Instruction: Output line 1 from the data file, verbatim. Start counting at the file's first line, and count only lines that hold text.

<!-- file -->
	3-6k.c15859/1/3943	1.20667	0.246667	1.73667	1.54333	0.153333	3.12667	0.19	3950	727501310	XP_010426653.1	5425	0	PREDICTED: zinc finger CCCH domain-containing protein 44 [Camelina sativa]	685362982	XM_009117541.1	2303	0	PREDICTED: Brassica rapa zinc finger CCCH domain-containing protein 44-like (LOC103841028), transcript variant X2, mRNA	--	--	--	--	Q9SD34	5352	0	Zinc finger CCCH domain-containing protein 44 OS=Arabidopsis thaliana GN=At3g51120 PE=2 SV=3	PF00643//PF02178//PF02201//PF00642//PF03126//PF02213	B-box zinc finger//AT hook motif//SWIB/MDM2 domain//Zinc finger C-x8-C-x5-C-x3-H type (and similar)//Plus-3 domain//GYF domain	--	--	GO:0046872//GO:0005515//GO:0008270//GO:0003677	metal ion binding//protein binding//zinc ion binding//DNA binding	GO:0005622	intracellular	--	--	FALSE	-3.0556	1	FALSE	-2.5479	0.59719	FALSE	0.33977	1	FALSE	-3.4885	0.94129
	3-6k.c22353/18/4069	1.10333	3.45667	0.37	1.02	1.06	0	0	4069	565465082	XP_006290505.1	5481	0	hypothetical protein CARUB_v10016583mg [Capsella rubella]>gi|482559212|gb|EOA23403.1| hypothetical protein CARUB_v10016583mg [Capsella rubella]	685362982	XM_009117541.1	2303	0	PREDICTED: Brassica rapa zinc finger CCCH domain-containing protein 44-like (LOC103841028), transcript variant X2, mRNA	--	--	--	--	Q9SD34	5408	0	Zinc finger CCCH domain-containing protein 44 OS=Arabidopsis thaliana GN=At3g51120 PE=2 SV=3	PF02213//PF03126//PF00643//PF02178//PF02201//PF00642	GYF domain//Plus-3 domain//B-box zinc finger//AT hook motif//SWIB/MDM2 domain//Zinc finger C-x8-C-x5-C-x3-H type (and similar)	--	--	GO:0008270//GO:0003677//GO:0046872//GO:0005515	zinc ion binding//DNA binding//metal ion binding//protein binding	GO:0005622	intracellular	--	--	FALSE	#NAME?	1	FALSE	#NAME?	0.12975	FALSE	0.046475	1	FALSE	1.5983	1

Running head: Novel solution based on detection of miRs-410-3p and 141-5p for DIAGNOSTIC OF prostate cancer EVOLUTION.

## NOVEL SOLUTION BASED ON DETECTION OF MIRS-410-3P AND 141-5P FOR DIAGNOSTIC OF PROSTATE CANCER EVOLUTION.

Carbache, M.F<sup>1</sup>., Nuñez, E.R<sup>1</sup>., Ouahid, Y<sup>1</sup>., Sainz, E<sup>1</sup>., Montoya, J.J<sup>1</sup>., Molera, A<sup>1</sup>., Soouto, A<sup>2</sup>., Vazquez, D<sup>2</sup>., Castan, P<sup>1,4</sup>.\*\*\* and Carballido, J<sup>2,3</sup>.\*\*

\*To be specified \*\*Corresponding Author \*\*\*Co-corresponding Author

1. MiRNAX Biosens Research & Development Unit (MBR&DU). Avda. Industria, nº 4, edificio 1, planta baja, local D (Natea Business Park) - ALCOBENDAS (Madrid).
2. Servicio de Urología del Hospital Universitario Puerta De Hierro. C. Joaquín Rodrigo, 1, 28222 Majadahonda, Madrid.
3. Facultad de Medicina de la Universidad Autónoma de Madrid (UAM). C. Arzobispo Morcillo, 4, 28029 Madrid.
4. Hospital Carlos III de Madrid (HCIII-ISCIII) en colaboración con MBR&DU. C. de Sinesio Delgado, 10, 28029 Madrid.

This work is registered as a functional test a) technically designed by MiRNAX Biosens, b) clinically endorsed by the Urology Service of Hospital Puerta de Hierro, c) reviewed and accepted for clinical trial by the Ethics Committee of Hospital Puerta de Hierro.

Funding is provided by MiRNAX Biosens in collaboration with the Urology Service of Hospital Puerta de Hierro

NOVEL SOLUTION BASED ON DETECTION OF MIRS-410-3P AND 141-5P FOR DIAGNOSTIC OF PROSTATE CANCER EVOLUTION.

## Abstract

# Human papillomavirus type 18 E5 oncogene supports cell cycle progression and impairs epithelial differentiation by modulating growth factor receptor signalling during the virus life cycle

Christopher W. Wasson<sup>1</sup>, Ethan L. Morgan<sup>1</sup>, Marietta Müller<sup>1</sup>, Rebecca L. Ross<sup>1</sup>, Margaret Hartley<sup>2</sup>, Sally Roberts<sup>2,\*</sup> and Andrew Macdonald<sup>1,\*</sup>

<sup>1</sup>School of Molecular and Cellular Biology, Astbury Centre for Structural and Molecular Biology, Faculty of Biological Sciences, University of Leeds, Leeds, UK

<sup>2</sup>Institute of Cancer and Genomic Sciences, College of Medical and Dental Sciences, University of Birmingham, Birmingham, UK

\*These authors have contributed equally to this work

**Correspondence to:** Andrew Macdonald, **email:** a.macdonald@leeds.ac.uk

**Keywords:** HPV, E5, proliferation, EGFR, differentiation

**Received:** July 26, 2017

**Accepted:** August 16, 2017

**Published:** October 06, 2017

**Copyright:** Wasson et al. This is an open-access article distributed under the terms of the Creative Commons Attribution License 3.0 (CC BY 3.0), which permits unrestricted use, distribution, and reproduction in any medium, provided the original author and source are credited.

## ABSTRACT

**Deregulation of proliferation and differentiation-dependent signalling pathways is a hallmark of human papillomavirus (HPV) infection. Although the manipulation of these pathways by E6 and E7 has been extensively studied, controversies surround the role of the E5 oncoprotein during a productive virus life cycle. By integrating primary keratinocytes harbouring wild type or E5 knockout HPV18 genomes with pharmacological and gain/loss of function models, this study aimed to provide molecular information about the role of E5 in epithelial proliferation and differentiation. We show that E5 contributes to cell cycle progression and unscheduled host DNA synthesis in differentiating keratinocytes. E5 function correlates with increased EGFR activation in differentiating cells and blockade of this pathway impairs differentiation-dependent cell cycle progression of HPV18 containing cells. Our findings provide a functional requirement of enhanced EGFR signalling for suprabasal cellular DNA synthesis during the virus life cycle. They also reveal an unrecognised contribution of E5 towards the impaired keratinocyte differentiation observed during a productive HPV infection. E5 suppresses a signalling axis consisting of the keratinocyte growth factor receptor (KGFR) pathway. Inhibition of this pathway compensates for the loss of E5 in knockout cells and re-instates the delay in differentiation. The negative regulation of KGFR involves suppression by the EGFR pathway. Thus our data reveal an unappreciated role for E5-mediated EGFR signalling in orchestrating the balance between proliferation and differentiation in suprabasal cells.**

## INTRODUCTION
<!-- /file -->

	3-6k.c15859/1/3943	1.20667	0.246667	1.73667	1.54333	0.153333	3.12667	0.19	3950	727501310	XP_010426653.1	5425	0	PREDICTED: zinc finger CCCH domain-containing protein 44 [Camelina sativa]	685362982	XM_009117541.1	2303	0	PREDICTED: Brassica rapa zinc finger CCCH domain-containing protein 44-like (LOC103841028), transcript variant X2, mRNA	--	--	--	--	Q9SD34	5352	0	Zinc finger CCCH domain-containing protein 44 OS=Arabidopsis thaliana GN=At3g51120 PE=2 SV=3	PF00643//PF02178//PF02201//PF00642//PF03126//PF02213	B-box zinc finger//AT hook motif//SWIB/MDM2 domain//Zinc finger C-x8-C-x5-C-x3-H type (and similar)//Plus-3 domain//GYF domain	--	--	GO:0046872//GO:0005515//GO:0008270//GO:0003677	metal ion binding//protein binding//zinc ion binding//DNA binding	GO:0005622	intracellular	--	--	FALSE	-3.0556	1	FALSE	-2.5479	0.59719	FALSE	0.33977	1	FALSE	-3.4885	0.94129